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Tomorrow's Vote: I

4 May 2005
Tomorrow's vote in Britain: I In order to defend their journalistic independence The New York Times forbids its columnists from endorsing candidates or reporting how they will vote. I like this – openness as guessing. Even if I did not, while openDemocracy benefits from charitable funding I am forbidden from using its space and resources to advocate that anyone vote for a political party. This does not mean I have to neuter or castrate my own judgement. American formalism and propriety can be taken much too far. When I was in Washington six months ago, just after George Bush was elected president for the first time, Danny Postel presided over a gathering of friends and colleagues. I asked how they had voted. One told us that he no longer voted on principle because he feared that if he did so it would distort the objectivity of his reporting. He had to become someone who did not take sides, he claimed, if he was to give a fair account that would provide readers with the balanced view they expected. A classic dispute broke out over whether it was more honest to be open with readers about your own judgements so that they could assess for themselves if you are wrongly prejudiced. It also seemed to me that it is way too self-important to think that readers will regard ones words as gospel. It greatly underestimates their intelligence. They, rightly, expect you to be a person of views and opinions of your own. More important, such ‘neutrality’ is the slave and servant of the status quo. Presented with a choice between reason and democracy on the one hand, let’s say, and unreason and the undead on the other, should one refuse to make a call? To report them as equally reasonable propositions is bad enough. To train oneself to accept that whatever choice the system throws up is a proper one is to abnegate all responsibility for the most important democratic task of all, that of ensuring we have a say over the kind of choices we are offered. Real name comments welcome or email [email protected]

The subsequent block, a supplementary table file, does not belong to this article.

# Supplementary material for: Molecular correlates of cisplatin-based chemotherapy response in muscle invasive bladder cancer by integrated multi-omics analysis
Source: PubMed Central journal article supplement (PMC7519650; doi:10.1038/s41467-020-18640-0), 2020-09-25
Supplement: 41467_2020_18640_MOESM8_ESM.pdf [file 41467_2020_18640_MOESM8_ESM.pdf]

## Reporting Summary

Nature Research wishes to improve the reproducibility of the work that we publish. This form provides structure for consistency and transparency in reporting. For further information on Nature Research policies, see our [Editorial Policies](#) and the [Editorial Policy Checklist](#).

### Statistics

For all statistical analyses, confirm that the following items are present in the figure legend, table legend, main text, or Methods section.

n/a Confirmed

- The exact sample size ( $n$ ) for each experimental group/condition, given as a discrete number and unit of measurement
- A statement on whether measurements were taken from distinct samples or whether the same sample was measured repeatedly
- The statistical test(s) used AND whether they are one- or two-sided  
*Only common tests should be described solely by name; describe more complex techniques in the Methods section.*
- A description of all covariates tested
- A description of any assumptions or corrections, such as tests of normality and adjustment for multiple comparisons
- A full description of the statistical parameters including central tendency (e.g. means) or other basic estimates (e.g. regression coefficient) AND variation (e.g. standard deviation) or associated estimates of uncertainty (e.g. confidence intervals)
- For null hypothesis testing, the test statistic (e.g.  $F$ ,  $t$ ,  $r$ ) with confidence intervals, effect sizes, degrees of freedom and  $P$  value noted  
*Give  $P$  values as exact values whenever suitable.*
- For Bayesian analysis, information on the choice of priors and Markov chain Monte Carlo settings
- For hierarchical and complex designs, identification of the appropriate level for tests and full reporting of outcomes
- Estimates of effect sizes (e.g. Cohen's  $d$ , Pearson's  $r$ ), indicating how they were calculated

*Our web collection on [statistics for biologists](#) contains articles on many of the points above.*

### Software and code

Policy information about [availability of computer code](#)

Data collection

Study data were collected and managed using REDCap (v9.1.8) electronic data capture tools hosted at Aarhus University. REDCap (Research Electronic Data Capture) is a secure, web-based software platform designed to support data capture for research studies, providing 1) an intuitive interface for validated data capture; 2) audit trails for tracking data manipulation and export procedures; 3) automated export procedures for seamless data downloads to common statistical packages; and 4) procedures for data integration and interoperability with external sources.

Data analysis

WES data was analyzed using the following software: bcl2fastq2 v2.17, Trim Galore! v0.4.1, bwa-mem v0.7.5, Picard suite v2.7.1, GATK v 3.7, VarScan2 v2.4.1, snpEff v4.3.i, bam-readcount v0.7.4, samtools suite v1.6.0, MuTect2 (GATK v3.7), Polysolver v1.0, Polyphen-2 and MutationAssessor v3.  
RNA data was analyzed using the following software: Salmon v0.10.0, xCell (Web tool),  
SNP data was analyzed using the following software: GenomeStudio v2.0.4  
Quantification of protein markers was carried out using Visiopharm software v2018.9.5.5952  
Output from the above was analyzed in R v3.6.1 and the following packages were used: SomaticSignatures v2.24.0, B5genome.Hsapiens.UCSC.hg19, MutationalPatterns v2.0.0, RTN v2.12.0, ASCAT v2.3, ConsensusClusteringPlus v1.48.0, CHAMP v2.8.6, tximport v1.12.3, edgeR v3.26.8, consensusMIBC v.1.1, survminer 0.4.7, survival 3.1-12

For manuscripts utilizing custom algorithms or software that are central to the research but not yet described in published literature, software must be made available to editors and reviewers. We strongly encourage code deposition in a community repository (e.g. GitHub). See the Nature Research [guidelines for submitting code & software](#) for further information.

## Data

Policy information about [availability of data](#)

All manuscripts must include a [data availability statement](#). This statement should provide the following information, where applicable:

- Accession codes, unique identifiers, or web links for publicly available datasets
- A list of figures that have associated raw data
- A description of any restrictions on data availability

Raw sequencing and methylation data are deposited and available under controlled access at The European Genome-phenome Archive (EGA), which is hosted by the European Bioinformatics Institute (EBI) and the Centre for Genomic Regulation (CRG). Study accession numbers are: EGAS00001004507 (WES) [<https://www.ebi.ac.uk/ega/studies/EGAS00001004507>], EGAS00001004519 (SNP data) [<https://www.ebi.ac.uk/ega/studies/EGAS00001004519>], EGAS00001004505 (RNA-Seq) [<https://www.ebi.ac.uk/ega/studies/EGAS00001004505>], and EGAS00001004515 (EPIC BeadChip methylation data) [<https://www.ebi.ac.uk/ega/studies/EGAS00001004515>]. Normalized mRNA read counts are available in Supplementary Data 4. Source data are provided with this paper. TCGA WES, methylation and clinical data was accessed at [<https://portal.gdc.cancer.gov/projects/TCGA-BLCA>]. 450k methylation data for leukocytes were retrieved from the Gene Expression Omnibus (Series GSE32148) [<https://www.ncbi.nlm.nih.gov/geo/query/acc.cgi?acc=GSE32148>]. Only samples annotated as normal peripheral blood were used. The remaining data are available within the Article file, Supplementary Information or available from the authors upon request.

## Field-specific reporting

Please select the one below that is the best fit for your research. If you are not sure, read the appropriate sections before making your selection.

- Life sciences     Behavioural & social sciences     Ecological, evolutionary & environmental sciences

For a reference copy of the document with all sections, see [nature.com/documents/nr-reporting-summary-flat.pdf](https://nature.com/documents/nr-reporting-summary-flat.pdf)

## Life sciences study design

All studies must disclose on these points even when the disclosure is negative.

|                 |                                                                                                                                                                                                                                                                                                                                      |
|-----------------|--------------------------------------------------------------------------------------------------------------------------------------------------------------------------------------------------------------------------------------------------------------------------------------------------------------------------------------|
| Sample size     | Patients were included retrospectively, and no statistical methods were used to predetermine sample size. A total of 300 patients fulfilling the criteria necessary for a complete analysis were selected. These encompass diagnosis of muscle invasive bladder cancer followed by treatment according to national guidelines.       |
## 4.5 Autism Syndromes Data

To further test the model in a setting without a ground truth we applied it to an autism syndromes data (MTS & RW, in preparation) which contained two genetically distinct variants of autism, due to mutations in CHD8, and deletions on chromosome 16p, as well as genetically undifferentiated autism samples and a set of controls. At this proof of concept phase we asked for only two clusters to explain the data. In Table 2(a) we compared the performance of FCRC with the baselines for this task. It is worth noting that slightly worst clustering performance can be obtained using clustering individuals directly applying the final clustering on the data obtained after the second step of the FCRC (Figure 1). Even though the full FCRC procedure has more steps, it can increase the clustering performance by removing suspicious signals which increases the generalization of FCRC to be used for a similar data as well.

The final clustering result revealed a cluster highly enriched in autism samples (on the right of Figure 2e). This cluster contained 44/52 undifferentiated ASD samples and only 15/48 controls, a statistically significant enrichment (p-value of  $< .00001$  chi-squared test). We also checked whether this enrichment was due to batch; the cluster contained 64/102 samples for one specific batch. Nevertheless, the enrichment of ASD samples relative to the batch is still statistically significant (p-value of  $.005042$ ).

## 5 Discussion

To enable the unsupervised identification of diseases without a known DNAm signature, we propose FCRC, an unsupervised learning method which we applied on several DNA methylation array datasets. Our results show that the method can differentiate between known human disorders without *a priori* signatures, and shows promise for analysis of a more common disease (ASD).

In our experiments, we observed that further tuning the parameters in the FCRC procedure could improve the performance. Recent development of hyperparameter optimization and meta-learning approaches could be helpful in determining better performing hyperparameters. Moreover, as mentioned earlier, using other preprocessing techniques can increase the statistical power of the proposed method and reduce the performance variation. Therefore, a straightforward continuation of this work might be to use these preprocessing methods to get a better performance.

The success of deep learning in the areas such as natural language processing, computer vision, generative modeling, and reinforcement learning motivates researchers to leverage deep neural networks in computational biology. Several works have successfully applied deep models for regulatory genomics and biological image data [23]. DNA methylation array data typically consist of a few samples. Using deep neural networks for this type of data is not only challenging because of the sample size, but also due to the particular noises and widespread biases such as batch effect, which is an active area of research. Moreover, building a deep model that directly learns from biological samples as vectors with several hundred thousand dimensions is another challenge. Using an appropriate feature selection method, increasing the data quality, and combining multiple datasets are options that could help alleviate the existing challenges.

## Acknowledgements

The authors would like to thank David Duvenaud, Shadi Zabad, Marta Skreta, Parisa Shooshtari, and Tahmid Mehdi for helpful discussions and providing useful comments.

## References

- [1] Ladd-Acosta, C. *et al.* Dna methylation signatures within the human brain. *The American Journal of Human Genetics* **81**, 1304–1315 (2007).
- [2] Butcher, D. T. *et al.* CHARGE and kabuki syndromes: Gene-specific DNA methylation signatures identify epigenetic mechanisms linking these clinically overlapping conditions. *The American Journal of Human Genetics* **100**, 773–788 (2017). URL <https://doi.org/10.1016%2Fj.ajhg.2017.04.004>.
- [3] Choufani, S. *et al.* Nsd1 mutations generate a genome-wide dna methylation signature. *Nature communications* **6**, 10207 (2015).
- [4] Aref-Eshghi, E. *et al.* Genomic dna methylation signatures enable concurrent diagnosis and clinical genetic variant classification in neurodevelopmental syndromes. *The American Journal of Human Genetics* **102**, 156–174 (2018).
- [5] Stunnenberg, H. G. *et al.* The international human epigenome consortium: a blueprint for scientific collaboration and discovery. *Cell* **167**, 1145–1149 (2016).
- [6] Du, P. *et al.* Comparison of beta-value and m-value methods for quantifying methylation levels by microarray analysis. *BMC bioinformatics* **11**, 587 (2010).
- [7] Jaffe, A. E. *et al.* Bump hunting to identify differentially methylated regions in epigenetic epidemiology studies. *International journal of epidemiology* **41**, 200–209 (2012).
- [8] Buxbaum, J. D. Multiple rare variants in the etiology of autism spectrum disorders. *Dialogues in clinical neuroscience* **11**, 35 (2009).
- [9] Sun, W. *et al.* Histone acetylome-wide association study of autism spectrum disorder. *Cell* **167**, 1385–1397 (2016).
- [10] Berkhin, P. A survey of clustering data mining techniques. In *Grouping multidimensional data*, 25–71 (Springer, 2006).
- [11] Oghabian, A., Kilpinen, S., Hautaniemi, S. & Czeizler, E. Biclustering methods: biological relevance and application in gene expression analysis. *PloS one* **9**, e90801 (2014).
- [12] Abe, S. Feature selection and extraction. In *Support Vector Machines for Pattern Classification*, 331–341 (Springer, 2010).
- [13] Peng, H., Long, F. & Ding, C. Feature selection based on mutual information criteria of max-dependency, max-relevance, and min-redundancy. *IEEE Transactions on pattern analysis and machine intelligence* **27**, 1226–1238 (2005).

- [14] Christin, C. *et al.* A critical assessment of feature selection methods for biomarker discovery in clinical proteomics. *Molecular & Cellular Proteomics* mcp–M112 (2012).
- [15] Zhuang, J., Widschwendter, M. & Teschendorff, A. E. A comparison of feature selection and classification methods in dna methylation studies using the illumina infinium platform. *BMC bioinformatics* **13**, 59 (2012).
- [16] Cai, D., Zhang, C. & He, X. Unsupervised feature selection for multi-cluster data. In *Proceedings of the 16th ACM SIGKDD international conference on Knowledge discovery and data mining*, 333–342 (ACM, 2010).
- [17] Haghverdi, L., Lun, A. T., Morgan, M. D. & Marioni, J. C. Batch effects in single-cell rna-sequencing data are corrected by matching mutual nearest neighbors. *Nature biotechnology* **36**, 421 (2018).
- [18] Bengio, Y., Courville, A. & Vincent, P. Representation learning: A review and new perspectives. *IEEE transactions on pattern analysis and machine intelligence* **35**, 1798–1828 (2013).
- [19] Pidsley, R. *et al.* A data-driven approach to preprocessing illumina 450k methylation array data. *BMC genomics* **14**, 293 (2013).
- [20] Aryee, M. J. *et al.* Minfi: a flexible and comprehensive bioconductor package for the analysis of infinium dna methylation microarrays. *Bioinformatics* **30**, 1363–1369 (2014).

Stop the secrecy: Publish the NHS COVID data deals


To: Matt Hancock, Secretary of State for Health and Social Care

We’re calling on you to immediately release details of the secret NHS data deals struck with private companies, to deliver the NHS COVID-19 datastore.

We, the public, deserve to know exactly how our personal information has been traded in this ‘unprecedented’ deal with US tech giants like Google, and firms linked to Donald Trump (Palantir) and Vote Leave (Faculty AI).

The COVID-19 datastore will hold private, personal information about every single one of us who relies on the NHS. We don’t want our personal data falling into the wrong hands.

And we don’t want private companies – many with poor reputations for protecting privacy – using it for their own commercial purposes, or to undermine the NHS.

The datastore could be an important tool in tackling the pandemic. But for it to be a success, the public has to be able to trust it.

Today, we urgently call on you to publish all the data-sharing agreements, data-impact assessments, and details of how the private companies stand to profit from their involvement.

The NHS is a precious public institution. Any involvement from private companies should be open to public scrutiny and debate. We need more transparency during this pandemic – not less.


By adding my name to this campaign, I authorise openDemocracy and Foxglove to keep me updated about their important work.

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